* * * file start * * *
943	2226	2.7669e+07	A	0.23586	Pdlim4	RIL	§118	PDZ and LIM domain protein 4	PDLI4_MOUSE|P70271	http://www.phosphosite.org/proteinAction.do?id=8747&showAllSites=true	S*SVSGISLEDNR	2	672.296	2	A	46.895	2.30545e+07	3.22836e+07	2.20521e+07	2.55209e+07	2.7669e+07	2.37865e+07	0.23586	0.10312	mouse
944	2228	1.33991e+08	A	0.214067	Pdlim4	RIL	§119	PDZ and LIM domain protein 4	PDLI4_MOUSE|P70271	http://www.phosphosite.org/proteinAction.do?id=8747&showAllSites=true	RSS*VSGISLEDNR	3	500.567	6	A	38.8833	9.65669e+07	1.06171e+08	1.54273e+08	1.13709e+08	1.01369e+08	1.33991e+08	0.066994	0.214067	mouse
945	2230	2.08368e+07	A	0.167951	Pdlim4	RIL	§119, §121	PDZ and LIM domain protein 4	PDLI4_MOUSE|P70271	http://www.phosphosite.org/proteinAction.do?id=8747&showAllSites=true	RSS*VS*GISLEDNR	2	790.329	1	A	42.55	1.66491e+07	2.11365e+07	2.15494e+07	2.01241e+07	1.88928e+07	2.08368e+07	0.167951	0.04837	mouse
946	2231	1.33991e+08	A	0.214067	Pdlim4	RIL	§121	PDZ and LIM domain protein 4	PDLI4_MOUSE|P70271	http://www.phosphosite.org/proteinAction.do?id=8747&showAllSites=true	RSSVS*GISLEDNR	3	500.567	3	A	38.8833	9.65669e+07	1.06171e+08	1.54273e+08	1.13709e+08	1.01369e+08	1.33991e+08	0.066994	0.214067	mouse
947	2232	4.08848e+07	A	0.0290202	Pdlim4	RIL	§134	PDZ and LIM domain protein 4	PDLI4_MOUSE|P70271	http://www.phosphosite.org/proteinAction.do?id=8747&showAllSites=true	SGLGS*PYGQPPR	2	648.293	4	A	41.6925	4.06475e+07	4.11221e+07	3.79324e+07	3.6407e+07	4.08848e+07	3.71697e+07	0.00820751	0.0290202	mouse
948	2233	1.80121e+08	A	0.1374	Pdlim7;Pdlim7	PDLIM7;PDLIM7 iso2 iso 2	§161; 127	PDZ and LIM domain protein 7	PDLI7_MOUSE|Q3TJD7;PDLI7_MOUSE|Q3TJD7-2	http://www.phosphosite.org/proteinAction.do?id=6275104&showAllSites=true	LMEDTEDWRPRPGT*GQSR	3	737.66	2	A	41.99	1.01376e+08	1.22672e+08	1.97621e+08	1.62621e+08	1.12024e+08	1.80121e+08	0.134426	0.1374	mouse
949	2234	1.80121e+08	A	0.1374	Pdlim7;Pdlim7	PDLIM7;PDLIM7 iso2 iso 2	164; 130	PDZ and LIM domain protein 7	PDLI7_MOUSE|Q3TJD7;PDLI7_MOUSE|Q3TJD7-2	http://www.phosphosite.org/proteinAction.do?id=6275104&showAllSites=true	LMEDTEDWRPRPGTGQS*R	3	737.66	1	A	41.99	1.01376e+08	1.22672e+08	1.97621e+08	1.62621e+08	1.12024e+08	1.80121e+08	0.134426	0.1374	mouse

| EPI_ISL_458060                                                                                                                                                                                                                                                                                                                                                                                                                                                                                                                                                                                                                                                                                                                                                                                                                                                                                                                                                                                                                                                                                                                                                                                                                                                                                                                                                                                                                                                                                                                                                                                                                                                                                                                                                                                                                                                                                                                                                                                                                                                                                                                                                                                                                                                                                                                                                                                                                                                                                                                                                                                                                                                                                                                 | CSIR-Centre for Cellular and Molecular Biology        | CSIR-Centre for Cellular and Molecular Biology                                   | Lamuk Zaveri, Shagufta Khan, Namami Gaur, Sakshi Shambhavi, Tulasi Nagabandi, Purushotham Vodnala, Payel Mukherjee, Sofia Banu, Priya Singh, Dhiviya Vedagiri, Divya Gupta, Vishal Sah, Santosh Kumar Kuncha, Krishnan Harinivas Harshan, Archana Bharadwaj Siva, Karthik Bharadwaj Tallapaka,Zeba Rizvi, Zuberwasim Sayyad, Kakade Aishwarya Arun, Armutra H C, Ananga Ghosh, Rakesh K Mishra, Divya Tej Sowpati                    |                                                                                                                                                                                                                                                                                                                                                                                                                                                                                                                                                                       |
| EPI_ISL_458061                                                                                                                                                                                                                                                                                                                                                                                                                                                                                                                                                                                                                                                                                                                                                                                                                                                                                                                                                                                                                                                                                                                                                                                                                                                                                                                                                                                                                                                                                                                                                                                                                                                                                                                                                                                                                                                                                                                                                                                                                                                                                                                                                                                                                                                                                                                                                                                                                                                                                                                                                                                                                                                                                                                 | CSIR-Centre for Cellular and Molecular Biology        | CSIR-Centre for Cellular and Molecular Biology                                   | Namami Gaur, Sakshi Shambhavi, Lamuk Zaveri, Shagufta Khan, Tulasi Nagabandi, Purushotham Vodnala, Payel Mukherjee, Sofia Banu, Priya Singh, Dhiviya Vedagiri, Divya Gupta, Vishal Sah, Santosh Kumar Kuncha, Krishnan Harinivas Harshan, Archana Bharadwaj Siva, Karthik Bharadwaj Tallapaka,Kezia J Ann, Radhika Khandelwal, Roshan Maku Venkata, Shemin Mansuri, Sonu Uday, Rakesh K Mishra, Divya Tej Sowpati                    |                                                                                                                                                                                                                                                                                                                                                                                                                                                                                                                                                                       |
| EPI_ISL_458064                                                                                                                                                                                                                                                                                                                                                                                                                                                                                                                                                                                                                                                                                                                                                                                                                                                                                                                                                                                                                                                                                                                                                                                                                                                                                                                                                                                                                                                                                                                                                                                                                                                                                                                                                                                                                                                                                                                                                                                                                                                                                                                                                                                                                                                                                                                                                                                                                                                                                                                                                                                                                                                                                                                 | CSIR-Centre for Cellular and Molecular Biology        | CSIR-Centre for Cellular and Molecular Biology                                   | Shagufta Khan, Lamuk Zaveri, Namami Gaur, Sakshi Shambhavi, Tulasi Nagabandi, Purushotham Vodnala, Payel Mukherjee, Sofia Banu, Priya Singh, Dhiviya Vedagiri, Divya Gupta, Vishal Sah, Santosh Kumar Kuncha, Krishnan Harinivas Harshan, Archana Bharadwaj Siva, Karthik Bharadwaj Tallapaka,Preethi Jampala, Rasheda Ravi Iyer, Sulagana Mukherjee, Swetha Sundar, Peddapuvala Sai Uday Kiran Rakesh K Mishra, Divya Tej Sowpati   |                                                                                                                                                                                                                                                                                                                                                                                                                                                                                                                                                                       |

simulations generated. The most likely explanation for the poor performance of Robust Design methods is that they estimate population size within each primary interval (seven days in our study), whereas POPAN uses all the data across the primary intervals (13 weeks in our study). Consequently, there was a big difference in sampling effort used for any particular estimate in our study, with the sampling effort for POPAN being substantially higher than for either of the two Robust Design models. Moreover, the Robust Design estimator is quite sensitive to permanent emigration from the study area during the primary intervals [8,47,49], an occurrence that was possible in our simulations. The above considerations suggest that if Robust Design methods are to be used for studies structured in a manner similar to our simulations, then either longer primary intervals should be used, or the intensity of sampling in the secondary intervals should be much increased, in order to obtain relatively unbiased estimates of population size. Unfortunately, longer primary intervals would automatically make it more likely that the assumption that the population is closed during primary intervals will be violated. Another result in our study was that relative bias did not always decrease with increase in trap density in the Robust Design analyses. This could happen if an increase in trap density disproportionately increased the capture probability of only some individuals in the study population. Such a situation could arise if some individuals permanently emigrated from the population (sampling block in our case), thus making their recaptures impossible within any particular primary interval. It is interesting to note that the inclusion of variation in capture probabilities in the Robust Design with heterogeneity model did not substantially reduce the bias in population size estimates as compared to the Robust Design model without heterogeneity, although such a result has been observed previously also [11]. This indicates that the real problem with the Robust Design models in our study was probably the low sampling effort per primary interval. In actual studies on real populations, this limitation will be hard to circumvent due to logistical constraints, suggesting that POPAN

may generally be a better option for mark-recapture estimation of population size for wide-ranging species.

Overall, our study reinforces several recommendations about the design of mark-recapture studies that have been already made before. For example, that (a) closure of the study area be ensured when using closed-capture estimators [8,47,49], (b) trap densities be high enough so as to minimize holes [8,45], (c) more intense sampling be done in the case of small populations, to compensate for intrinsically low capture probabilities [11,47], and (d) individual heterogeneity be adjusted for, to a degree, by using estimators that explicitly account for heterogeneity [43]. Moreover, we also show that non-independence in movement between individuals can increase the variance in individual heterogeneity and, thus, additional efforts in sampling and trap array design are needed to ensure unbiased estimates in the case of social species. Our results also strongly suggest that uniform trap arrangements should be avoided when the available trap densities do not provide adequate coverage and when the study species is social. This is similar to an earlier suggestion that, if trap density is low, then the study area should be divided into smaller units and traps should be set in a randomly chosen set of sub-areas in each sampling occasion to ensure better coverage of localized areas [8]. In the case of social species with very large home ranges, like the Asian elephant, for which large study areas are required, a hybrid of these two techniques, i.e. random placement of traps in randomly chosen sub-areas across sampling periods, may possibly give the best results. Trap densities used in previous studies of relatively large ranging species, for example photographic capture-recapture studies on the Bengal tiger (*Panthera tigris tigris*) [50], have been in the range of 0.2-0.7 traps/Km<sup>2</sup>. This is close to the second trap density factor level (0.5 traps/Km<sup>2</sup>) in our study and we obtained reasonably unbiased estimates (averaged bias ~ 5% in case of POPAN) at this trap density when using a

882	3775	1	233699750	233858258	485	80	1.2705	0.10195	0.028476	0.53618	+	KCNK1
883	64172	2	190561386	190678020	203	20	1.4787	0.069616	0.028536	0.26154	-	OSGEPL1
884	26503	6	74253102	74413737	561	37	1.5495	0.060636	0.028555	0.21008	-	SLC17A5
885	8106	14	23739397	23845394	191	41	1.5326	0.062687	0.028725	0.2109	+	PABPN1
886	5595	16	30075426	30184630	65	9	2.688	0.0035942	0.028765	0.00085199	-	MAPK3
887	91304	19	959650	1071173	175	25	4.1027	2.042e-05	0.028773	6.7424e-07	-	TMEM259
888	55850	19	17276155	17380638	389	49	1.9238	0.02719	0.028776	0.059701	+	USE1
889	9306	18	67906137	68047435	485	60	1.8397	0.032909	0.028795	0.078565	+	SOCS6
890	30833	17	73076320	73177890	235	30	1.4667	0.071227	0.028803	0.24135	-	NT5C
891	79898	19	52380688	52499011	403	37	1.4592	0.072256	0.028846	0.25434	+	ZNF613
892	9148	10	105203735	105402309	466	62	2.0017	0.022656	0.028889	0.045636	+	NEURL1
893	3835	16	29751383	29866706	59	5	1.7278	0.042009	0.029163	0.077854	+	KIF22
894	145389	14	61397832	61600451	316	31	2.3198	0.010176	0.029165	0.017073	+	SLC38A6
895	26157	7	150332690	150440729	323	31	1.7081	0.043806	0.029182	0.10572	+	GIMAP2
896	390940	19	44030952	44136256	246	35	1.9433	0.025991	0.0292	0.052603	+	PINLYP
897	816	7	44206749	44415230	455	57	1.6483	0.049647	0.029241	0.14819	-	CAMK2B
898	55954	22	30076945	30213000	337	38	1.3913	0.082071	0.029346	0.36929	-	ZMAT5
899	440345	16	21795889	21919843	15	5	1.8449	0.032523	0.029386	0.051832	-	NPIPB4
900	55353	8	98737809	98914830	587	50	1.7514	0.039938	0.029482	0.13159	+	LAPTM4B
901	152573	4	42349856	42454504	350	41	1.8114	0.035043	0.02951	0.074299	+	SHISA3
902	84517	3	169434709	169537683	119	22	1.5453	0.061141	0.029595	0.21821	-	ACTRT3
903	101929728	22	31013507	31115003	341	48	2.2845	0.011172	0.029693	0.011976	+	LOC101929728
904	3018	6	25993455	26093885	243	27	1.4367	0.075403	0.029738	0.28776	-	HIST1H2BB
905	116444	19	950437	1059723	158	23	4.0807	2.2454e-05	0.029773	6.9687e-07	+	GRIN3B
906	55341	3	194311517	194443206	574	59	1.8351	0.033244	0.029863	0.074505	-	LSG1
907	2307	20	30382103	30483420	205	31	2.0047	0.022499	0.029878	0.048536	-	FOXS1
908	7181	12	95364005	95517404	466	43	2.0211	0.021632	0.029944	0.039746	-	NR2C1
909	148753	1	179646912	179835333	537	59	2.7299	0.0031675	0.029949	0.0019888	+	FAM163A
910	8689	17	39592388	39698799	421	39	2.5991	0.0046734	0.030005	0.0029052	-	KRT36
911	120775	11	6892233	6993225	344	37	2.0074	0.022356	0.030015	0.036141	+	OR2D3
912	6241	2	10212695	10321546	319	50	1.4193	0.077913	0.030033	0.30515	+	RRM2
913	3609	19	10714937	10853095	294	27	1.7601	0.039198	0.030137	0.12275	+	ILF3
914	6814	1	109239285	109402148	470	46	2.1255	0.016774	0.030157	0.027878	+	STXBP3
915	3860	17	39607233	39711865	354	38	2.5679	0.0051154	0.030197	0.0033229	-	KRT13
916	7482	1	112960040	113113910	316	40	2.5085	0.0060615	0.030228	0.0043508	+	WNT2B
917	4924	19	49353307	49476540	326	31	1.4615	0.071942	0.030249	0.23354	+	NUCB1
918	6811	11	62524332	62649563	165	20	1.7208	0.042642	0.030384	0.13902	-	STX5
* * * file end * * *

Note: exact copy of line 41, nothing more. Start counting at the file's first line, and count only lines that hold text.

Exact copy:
909	148753	1	179646912	179835333	537	59	2.7299	0.0031675	0.029949	0.0019888	+	FAM163A